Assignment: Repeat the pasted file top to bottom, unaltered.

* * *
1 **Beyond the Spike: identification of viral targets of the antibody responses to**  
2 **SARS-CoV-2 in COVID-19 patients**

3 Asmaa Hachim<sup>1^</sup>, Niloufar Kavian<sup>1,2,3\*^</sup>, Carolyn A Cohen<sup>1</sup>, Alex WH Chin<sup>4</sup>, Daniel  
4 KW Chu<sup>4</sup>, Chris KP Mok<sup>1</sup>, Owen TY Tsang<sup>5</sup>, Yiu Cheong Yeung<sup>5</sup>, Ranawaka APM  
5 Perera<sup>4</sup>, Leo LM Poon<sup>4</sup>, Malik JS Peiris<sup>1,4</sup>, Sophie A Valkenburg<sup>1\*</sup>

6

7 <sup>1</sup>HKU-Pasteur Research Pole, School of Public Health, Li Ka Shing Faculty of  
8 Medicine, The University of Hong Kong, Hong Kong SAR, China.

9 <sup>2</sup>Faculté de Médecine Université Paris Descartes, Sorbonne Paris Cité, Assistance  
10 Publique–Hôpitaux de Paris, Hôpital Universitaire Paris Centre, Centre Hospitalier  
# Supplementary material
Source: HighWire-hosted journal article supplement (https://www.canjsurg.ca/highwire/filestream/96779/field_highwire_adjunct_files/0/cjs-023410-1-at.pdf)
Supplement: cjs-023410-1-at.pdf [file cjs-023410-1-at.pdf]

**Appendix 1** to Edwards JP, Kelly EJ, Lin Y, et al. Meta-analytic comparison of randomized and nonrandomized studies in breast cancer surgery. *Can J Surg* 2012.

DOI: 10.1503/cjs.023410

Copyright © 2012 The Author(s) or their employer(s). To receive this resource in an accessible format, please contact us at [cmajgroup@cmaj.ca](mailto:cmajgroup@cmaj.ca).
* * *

1 **Beyond the Spike: identification of viral targets of the antibody responses to**  
2 **SARS-CoV-2 in COVID-19 patients**

3 Asmaa Hachim<sup>1^</sup>, Niloufar Kavian<sup>1,2,3\*^</sup>, Carolyn A Cohen<sup>1</sup>, Alex WH Chin<sup>4</sup>, Daniel  
4 KW Chu<sup>4</sup>, Chris KP Mok<sup>1</sup>, Owen TY Tsang<sup>5</sup>, Yiu Cheong Yeung<sup>5</sup>, Ranawaka APM  
5 Perera<sup>4</sup>, Leo LM Poon<sup>4</sup>, Malik JS Peiris<sup>1,4</sup>, Sophie A Valkenburg<sup>1\*</sup>

6

7 <sup>1</sup>HKU-Pasteur Research Pole, School of Public Health, Li Ka Shing Faculty of  
8 Medicine, The University of Hong Kong, Hong Kong SAR, China.

9 <sup>2</sup>Faculté de Médecine Université Paris Descartes, Sorbonne Paris Cité, Assistance  
10 Publique–Hôpitaux de Paris, Hôpital Universitaire Paris Centre, Centre Hospitalier  
# Supplementary material
Source: HighWire-hosted journal article supplement (https://www.canjsurg.ca/highwire/filestream/96779/field_highwire_adjunct_files/0/cjs-023410-1-at.pdf)
Supplement: cjs-023410-1-at.pdf [file cjs-023410-1-at.pdf]

**Appendix 1** to Edwards JP, Kelly EJ, Lin Y, et al. Meta-analytic comparison of randomized and nonrandomized studies in breast cancer surgery. *Can J Surg* 2012.

DOI: 10.1503/cjs.023410

Copyright © 2012 The Author(s) or their employer(s). To receive this resource in an accessible format, please contact us at [cmajgroup@cmaj.ca](mailto:cmajgroup@cmaj.ca).